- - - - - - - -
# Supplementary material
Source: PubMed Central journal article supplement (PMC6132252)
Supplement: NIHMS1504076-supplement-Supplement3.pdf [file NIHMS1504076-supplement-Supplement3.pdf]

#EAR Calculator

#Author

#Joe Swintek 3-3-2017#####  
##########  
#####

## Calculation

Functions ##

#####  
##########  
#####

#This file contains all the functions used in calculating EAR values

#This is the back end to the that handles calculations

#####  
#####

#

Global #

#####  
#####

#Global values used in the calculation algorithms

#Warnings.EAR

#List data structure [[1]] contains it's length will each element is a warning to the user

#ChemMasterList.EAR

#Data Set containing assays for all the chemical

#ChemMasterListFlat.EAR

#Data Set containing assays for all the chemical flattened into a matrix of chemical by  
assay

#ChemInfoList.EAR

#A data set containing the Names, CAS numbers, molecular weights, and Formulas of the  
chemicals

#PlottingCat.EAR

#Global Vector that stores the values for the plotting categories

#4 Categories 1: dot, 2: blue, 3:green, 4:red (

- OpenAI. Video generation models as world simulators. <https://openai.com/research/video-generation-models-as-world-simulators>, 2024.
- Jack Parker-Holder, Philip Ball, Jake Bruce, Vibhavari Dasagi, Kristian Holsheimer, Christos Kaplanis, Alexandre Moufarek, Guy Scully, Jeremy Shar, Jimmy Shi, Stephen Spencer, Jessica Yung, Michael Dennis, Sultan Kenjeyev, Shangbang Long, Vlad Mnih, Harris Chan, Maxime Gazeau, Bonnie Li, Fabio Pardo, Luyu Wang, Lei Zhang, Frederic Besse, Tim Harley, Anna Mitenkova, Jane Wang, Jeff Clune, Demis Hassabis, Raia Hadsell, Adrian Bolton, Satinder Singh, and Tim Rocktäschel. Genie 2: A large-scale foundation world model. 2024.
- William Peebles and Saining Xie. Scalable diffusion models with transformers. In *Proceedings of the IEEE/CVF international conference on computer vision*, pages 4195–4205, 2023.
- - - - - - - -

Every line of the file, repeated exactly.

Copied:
# Supplementary material
Source: PubMed Central journal article supplement (PMC6132252)
Supplement: NIHMS1504076-supplement-Supplement3.pdf [file NIHMS1504076-supplement-Supplement3.pdf]

#EAR Calculator

#Author

#Joe Swintek 3-3-2017#####  
##########  
#####

## Calculation

Functions ##

#####  
##########  
#####

#This file contains all the functions used in calculating EAR values

#This is the back end to the that handles calculations

#####  
#####

#

Global #

#####  
#####

#Global values used in the calculation algorithms

#Warnings.EAR

#List data structure [[1]] contains it's length will each element is a warning to the user

#ChemMasterList.EAR

#Data Set containing assays for all the chemical

#ChemMasterListFlat.EAR

#Data Set containing assays for all the chemical flattened into a matrix of chemical by  
assay

#ChemInfoList.EAR

#A data set containing the Names, CAS numbers, molecular weights, and Formulas of the  
chemicals

#PlottingCat.EAR

#Global Vector that stores the values for the plotting categories

#4 Categories 1: dot, 2: blue, 3:green, 4:red (

- OpenAI. Video generation models as world simulators. <https://openai.com/research/video-generation-models-as-world-simulators>, 2024.
- Jack Parker-Holder, Philip Ball, Jake Bruce, Vibhavari Dasagi, Kristian Holsheimer, Christos Kaplanis, Alexandre Moufarek, Guy Scully, Jeremy Shar, Jimmy Shi, Stephen Spencer, Jessica Yung, Michael Dennis, Sultan Kenjeyev, Shangbang Long, Vlad Mnih, Harris Chan, Maxime Gazeau, Bonnie Li, Fabio Pardo, Luyu Wang, Lei Zhang, Frederic Besse, Tim Harley, Anna Mitenkova, Jane Wang, Jeff Clune, Demis Hassabis, Raia Hadsell, Adrian Bolton, Satinder Singh, and Tim Rocktäschel. Genie 2: A large-scale foundation world model. 2024.
- William Peebles and Saining Xie. Scalable diffusion models with transformers. In *Proceedings of the IEEE/CVF international conference on computer vision*, pages 4195–4205, 2023.